Erasing by drawing thousands of times

By Lee Woo-young
  • Published : Mar 18, 2015 - 18:52
  • Updated : Mar 18, 2015 - 18:52
At first, it doesn’t seem like art befitting the white cube gallery space. The pitch-black piece of paper looks as if someone burned it until it was about to turn to ashes.

Yet, the work, currently on exhibit at Arario Gallery, sums up the lifetime endeavor of first-generation Korean avant-garde artist Choi Byung-so. Based in Daegu, the birthplace of Korean avant-garde art, Choi has been drawing repetitive lines and circles on newspapers with ballpoint pens and pencils for more than 40 years. 

Untitled by Choi Byung-so. (Arario Gallery)

Ironically, the 72-year-old artist calls the process “erasing.”

“Erasing is to empty the mind and go back to the point where a trace of thought started,” Choi wrote in the artist’s note. “If I continue to erase what’s left on the newspaper and its back side, the surface and the background become blurred. It’s where life becomes death and death becomes part of life.”

In fact, the surface of his work is all torn and tattered due to what must have been hundreds and thousands of lines drawn on top of one another on a fragile piece of newspaper. Choi drew, or “erased,” on both sides of the newspaper until the paper lost its original form.

Since he erased the text from the newspaper, his work has been viewed as an act of resistance to propaganda. In the 1970s, when Korea was ruled by authoritarian leaders, media censorship was prevalent.

“It doesn’t have to do with the political circumstances,” said Choi at the opening of his exhibition on March 5 at Arario Gallery in Seoul.

The choice of the materials came out of nowhere, he said.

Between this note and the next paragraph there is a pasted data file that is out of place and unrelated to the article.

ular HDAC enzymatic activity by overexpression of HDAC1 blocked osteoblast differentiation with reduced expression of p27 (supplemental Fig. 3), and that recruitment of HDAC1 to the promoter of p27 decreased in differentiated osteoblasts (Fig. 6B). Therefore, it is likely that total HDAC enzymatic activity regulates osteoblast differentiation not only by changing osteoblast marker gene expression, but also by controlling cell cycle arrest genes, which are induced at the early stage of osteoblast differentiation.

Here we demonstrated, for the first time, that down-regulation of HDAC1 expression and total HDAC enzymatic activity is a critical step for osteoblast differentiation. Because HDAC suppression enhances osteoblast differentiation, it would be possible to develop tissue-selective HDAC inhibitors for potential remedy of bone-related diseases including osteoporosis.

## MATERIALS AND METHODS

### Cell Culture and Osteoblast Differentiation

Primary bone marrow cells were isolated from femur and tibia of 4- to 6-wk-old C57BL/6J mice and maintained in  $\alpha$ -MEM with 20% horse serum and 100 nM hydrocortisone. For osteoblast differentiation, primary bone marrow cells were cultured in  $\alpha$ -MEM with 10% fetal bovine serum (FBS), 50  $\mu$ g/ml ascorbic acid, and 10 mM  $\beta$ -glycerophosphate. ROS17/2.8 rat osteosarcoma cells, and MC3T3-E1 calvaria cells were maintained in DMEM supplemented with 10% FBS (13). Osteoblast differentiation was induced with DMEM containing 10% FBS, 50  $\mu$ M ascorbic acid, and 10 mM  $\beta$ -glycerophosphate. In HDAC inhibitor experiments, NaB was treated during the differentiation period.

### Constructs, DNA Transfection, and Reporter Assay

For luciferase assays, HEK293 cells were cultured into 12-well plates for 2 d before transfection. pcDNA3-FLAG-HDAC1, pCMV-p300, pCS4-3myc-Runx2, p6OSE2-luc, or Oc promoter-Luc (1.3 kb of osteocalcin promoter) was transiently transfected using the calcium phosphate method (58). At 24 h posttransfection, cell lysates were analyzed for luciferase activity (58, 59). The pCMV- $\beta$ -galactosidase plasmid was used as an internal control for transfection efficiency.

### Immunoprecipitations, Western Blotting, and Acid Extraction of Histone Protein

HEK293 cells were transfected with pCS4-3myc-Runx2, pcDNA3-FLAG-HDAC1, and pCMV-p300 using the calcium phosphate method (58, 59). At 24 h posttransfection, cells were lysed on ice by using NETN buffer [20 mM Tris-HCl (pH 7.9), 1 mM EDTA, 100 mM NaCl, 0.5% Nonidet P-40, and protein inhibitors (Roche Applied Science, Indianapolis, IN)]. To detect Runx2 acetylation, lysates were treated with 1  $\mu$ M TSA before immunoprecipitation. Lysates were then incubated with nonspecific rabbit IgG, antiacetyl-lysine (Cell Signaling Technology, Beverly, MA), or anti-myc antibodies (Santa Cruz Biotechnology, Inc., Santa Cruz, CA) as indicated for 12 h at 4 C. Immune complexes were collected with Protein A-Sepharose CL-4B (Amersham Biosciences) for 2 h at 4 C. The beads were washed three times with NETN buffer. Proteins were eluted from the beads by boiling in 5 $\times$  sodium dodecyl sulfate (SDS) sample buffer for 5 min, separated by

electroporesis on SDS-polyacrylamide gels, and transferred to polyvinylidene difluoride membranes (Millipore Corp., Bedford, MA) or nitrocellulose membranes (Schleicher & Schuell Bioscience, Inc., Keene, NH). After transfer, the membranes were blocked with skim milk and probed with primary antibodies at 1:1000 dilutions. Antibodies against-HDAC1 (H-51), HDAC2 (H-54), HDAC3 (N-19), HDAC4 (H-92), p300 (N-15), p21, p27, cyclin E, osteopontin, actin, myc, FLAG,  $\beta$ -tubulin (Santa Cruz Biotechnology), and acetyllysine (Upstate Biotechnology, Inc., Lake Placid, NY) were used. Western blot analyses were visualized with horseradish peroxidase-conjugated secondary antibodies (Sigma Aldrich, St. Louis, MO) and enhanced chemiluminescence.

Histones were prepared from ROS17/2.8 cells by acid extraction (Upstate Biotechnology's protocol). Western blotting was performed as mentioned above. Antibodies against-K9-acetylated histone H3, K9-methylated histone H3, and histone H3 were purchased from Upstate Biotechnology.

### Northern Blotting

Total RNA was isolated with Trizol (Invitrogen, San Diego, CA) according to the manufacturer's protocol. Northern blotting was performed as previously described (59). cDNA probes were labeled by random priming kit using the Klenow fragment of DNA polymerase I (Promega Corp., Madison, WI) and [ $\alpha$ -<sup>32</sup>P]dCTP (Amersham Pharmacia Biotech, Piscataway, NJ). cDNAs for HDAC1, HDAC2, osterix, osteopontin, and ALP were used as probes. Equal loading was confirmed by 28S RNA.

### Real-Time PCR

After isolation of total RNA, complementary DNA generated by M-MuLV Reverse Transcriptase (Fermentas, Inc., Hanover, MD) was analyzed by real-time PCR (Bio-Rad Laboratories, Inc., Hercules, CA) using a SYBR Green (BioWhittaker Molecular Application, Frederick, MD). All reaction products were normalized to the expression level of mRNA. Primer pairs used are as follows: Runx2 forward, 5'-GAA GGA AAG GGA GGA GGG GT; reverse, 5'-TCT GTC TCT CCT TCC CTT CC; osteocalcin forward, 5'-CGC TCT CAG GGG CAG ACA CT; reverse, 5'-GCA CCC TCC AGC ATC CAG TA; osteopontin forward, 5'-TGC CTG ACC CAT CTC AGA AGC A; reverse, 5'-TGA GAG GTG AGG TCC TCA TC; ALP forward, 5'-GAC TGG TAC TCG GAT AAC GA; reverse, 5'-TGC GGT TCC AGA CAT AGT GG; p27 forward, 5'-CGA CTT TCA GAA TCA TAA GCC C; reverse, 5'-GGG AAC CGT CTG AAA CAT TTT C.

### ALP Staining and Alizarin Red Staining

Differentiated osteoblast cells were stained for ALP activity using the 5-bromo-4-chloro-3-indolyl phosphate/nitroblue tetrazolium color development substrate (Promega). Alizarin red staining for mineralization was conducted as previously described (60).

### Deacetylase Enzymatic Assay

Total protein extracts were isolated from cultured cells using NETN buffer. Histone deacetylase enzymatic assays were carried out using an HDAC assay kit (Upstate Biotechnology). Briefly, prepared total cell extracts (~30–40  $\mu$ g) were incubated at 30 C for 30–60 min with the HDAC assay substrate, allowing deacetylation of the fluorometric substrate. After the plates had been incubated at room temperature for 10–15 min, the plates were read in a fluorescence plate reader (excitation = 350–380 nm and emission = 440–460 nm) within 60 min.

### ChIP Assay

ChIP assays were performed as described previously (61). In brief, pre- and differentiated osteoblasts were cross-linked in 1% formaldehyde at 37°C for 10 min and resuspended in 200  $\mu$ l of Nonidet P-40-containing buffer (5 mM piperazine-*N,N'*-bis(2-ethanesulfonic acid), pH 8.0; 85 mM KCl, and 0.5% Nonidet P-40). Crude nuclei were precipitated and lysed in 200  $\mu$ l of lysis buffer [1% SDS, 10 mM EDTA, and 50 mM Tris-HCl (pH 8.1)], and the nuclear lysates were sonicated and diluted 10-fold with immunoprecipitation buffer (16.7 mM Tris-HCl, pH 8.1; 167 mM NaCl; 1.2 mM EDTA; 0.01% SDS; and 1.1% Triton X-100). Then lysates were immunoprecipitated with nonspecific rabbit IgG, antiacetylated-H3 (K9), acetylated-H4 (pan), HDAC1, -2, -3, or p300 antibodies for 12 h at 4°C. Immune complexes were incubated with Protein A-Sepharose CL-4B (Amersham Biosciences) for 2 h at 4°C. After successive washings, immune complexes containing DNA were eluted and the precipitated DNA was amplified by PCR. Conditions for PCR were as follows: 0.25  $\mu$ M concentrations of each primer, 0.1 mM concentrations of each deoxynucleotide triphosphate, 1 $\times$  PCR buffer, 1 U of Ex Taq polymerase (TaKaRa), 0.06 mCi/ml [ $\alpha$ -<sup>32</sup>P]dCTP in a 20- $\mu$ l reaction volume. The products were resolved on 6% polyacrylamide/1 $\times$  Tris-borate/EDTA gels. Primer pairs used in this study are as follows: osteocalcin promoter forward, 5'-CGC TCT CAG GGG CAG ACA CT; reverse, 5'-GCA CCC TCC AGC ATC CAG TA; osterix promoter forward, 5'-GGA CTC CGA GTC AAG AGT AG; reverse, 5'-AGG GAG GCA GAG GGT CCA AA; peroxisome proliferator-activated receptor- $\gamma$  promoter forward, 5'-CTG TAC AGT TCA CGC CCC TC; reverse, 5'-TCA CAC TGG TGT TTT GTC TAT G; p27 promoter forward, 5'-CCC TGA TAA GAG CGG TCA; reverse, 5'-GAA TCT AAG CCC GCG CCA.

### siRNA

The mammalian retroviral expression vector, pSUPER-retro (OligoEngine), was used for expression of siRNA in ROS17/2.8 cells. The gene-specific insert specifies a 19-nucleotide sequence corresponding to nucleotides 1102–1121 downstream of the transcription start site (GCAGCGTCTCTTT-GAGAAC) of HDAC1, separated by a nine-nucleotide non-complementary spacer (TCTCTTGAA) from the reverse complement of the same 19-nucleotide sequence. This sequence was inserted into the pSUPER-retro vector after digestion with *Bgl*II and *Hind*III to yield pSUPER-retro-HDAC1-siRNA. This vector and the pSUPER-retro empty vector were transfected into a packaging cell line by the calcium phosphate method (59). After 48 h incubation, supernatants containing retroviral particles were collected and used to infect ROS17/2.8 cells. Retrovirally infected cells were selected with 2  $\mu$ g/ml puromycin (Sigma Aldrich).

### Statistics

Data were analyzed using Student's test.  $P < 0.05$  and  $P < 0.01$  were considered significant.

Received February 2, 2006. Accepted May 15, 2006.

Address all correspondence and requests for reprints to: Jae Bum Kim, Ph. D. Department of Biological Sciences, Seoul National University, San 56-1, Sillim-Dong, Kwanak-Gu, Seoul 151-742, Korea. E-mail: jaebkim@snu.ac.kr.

One day after the death of his grandmother, he listened to an audio book of Buddhist sacred texts, which his late grandmother used to play on a tape recorder.

“Without thinking, I just picked up a piece of newspaper and a ballpoint pen (and started drawing). That was 1975,” he said.

Newspapers and ballpoint pens were the cheapest materials he could find at that time, when people were far worse off than now. He always thought if he had to do art, he would do so with things that cost less than a pack of cigarettes.

“Finding the cheap materials was the biggest issue for me. From then on, I started to erase the daily newspaper with a Monami 153 ballpoint pen,” he explained.

The Monami pen is the first-generation auto ballpoint pen produced by local stationery company Monami. The numbers in its name come from its price of 15 won (1 cent) and the year 1963 when it was developed.

When his fellow artists led the avant-garde movement in Daegu with radical performances, Choi thought of discontinuing the newspaper series in the 1980s and tried to paint on canvas. But he soon returned to his newspaper and the Monami pen.

“I just put a piece of newspaper on a table and drew lines with the power of my ass ― sitting long enough to draw those lines. I don’t really think. It’s part of emptying my mind of any greed,” he said.

Long overshadowed by popular landscape or monochrome paintings by his compatriots, Choi’s newspaper art finally received unexpected attention at last year’s Hong Kong Art fair.

It was hailed as the “most sincere work of art” by a client from Frankel Foundation in the U.S., which bought his 7-meter work.

The exhibition runs through April 26 at the Arario Gallery in Seoul. For more information, (02) 541-5701.

By Lee Woo-young (wylee@heraldcorp.com)